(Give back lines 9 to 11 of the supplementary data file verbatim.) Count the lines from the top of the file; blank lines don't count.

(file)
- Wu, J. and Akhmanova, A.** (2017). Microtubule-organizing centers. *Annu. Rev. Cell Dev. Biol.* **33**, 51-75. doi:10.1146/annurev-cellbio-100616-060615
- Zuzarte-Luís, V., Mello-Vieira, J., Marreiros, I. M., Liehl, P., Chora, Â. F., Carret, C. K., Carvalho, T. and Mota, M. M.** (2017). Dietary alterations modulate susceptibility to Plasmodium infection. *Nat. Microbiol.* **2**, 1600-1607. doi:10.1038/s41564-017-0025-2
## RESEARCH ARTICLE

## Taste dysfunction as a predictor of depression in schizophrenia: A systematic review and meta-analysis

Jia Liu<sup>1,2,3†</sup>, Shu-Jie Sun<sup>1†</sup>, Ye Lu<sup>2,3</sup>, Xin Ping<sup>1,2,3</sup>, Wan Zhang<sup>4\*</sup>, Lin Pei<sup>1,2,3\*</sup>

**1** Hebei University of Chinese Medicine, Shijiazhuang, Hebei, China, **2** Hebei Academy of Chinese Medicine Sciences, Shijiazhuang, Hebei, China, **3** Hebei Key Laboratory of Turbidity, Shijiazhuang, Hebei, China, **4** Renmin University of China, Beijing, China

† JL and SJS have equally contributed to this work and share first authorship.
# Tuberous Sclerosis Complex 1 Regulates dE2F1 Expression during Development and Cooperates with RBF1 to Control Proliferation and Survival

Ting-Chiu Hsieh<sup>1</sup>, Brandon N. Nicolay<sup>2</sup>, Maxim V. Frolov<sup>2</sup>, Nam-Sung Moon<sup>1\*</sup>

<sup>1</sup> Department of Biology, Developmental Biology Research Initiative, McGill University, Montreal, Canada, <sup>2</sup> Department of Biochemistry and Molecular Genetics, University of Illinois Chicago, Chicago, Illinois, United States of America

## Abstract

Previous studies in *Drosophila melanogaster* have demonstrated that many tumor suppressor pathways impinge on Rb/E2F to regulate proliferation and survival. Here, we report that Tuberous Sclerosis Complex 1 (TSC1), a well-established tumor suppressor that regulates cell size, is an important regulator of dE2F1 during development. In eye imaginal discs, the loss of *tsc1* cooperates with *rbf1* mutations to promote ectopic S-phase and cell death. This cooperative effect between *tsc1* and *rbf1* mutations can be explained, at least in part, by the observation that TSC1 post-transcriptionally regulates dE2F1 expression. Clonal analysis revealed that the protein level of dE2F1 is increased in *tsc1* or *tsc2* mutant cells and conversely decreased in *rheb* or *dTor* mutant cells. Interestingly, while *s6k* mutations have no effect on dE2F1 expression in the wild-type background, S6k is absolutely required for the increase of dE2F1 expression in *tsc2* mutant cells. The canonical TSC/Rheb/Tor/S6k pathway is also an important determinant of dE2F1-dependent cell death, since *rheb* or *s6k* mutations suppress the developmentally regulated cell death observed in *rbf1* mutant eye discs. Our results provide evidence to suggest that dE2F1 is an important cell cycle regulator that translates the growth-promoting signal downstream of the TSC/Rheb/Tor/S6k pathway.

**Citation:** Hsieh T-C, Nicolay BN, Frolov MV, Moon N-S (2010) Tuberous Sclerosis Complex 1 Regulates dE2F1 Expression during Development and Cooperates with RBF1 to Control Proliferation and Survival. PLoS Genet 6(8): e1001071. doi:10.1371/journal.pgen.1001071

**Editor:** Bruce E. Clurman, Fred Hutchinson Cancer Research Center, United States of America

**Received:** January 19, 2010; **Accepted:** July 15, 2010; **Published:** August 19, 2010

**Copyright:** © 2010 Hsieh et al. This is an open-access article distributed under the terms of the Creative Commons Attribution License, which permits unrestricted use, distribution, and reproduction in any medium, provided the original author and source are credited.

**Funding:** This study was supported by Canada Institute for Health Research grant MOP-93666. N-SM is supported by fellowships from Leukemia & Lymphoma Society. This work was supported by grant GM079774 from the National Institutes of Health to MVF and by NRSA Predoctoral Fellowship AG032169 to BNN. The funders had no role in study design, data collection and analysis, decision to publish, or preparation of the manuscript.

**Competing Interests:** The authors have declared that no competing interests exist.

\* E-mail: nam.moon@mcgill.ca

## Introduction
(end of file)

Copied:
Ting-Chiu Hsieh<sup>1</sup>, Brandon N. Nicolay<sup>2</sup>, Maxim V. Frolov<sup>2</sup>, Nam-Sung Moon<sup>1\*</sup>

<sup>1</sup> Department of Biology, Developmental Biology Research Initiative, McGill University, Montreal, Canada, <sup>2</sup> Department of Biochemistry and Molecular Genetics, University of Illinois Chicago, Chicago, Illinois, United States of America

## Abstract